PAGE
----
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'Acceptable' Lead Levels Linked to Lower IQ Scores in Kids

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WebMD Health News

April 30, 2001 -- Many efforts have been made to remove lead from the environment, but lead poisoning continues to be a problem in children. A disturbing new study presented today at the Pediatric Academic Societies' Annual Meeting suggests even "safe" levels of lead in the blood are dangerous enough to severely damage IQ scores in developing children.

Long recognized as a serious public health threat, lead can damage the brain and nervous system, and even a low level of lead exposure can cause learning disabilities, hearing loss, speech, language, and behavior problems, and other serious health effects in children. Lead has also been associated with dental caries.

Lead in paint and gasoline is banned in the U.S., but it persists in the environment in ubiquitous house dust and paint chips, particularly in poorer neighborhoods. Lead-based paints were commonly used in the 1950s and '60s. One group, the Alliance to End Childhood Lead Poisoning, estimates that 30 million U.S. homes built before 1960 still have lead in them.

Although universal lead screening is not available, it is recommended that children at high risk for lead exposure be screened. Blood lead concentrations of 10 micrograms per deciliter of blood or less are considered to be safe and acceptable levels.

But are these levels really safe?

Researchers looked at a cross-section of 276 children in Rochester, N.Y., over a five-year period. They measured the blood lead levels of the children seven times between birth and age 5 and conducted standard IQ tests to see if the children were performing at the appropriate level of development.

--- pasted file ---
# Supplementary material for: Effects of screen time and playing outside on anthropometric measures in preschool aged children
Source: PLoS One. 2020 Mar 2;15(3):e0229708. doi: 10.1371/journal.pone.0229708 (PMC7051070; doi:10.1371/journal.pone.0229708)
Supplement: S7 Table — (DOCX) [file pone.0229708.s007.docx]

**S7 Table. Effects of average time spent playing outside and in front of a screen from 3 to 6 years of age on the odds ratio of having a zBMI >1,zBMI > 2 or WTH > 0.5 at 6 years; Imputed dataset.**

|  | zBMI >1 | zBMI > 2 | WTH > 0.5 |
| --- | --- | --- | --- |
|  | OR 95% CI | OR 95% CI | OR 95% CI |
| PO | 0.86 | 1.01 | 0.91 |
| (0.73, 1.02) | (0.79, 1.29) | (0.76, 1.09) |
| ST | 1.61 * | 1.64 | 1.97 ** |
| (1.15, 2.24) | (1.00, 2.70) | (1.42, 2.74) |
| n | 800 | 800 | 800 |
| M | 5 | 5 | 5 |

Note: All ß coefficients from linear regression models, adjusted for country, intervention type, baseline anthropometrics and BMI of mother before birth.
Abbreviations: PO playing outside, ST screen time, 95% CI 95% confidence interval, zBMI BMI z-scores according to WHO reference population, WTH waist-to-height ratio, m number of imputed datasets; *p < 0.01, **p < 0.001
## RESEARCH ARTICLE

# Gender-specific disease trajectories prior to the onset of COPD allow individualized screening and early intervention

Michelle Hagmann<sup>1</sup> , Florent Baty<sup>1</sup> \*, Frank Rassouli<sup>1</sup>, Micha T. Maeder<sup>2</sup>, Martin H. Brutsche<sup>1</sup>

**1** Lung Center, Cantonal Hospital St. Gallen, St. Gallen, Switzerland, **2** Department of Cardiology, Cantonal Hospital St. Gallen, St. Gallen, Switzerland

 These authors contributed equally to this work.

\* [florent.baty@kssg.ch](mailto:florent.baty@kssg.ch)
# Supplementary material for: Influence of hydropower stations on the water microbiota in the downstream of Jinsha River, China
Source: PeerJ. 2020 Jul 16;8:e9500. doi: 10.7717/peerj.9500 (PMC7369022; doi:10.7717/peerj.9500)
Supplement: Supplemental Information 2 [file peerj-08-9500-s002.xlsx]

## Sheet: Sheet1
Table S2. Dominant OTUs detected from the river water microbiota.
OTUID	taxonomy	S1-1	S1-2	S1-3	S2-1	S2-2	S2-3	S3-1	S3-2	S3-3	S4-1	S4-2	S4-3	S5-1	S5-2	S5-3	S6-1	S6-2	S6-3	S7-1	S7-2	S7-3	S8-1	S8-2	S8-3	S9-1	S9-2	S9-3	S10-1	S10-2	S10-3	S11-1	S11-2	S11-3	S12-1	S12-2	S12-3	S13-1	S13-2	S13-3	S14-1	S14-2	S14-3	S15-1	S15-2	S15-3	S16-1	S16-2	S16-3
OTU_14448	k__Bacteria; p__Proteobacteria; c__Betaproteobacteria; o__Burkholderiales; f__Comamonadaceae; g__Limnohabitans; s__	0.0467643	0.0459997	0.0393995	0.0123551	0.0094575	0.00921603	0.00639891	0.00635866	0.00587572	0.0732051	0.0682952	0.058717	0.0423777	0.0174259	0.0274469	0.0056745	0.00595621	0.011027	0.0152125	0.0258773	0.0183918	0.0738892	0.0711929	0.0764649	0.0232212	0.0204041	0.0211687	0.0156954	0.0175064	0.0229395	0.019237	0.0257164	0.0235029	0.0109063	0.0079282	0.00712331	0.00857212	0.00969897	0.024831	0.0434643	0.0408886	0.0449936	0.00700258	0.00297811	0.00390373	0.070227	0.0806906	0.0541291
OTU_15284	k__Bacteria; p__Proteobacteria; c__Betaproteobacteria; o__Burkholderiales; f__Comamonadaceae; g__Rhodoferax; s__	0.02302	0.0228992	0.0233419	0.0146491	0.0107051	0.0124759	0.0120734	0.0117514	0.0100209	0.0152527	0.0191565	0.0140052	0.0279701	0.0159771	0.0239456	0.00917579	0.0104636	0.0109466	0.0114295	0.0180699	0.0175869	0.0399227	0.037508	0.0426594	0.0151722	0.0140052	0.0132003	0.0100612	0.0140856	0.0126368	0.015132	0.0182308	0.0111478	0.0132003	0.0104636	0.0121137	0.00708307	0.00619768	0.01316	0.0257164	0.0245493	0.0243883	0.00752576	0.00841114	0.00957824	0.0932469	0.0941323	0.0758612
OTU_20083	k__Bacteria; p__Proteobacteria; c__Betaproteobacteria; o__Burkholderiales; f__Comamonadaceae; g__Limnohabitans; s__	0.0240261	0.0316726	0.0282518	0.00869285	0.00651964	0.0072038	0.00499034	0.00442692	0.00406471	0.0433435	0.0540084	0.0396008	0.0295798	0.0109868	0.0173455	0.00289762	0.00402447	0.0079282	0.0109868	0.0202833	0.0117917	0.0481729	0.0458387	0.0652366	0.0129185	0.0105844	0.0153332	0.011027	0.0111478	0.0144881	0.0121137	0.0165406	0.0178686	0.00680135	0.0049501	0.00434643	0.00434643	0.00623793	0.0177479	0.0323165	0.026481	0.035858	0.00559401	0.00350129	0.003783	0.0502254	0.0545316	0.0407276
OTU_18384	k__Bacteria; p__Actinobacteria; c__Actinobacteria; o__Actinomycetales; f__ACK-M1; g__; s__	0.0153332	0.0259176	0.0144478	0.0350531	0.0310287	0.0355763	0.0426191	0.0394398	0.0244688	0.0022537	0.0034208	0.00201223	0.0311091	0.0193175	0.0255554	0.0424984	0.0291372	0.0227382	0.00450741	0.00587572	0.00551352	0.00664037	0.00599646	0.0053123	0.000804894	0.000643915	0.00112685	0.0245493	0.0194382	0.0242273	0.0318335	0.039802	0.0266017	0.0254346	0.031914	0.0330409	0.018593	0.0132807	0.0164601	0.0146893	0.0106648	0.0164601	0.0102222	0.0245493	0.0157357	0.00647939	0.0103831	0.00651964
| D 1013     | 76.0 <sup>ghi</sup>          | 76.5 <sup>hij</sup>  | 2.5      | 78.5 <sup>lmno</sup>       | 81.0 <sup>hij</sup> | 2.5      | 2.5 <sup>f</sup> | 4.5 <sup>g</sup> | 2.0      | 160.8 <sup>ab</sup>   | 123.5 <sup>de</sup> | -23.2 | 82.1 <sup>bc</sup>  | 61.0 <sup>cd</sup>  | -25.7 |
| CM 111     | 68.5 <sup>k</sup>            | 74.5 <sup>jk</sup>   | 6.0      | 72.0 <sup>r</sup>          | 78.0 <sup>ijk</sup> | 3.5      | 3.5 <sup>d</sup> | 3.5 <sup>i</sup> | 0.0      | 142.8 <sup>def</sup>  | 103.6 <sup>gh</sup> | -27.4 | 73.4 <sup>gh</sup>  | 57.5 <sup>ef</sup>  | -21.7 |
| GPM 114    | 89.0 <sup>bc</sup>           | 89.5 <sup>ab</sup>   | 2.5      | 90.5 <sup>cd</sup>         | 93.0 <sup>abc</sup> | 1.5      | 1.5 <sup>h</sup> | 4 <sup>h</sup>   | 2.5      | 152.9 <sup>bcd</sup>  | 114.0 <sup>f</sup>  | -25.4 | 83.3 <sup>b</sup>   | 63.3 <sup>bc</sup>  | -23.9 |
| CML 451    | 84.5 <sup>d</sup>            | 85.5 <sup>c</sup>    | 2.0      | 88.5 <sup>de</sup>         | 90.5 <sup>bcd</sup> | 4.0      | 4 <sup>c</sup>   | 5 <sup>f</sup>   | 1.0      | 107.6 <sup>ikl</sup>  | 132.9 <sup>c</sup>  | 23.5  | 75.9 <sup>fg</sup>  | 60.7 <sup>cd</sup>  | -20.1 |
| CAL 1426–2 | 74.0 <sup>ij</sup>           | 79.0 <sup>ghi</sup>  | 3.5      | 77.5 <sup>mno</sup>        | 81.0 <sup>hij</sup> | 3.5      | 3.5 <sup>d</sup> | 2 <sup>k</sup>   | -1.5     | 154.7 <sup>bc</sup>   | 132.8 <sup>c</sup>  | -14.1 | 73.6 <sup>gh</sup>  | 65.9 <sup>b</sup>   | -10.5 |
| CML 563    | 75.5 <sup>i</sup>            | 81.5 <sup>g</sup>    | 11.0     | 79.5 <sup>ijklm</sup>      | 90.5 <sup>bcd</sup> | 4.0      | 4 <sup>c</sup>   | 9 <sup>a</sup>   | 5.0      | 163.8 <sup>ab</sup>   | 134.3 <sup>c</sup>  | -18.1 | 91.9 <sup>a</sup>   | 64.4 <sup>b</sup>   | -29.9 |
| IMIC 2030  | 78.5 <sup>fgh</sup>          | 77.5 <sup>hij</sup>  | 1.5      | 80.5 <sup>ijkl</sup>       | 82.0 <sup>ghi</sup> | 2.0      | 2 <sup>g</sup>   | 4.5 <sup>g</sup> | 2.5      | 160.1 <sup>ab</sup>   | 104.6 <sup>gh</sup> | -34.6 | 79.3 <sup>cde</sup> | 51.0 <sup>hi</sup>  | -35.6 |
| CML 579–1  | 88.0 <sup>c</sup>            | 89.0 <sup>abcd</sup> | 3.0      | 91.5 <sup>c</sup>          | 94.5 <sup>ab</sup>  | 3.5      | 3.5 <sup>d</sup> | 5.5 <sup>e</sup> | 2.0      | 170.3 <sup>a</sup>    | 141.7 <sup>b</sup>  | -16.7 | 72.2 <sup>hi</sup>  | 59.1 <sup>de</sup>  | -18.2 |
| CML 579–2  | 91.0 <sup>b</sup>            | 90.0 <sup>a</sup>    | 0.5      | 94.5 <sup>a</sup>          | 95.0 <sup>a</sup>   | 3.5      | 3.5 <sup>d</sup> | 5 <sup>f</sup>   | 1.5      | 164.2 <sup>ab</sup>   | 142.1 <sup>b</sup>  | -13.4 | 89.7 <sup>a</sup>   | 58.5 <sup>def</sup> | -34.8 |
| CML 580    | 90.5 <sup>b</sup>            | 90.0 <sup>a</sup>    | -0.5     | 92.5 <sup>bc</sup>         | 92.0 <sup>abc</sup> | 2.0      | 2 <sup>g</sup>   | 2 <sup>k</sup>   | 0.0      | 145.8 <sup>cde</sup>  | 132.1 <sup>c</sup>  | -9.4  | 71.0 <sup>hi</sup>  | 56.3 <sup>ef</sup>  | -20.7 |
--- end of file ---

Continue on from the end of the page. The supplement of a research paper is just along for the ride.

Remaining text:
But what primary researcher Bruce Lanphear, MD, MPH, found was that even children with the "safe" level of lead in their blood, as defined by the Environmental Protection Agency and the CDC, had significant brain damage.

Specifically, at age 5, the children experienced a 5.5-point drop in IQ for every jump of 10 micrograms of lead per deciliter in their blood. What's worse, says Lanphear, is that the biggest drop in IQ occurred with 73% of the children who had the very lowest lead levels. The deficit was as high as 11 IQ points from normal.

"If there really is a 10-point drop in IQ with the initial 10 microgram per deciliter [of lead in the blood], that's huge," says Lanphear of Children's Hospital Medical Center in Cincinnati. And once the IQ points are lost, Lanphear says they never come back.

Daniel Coury, MD, professor of clinical pediatrics at Ohio State University, believes that Lanphear's findings will encourage public health officials to rethink the lead issue. "Technically, Dr. Lanphear's data say, no lead is good lead," Coury says.

Lanphear believes that poor neighborhoods endure a disproportionate share of lead toxicity.

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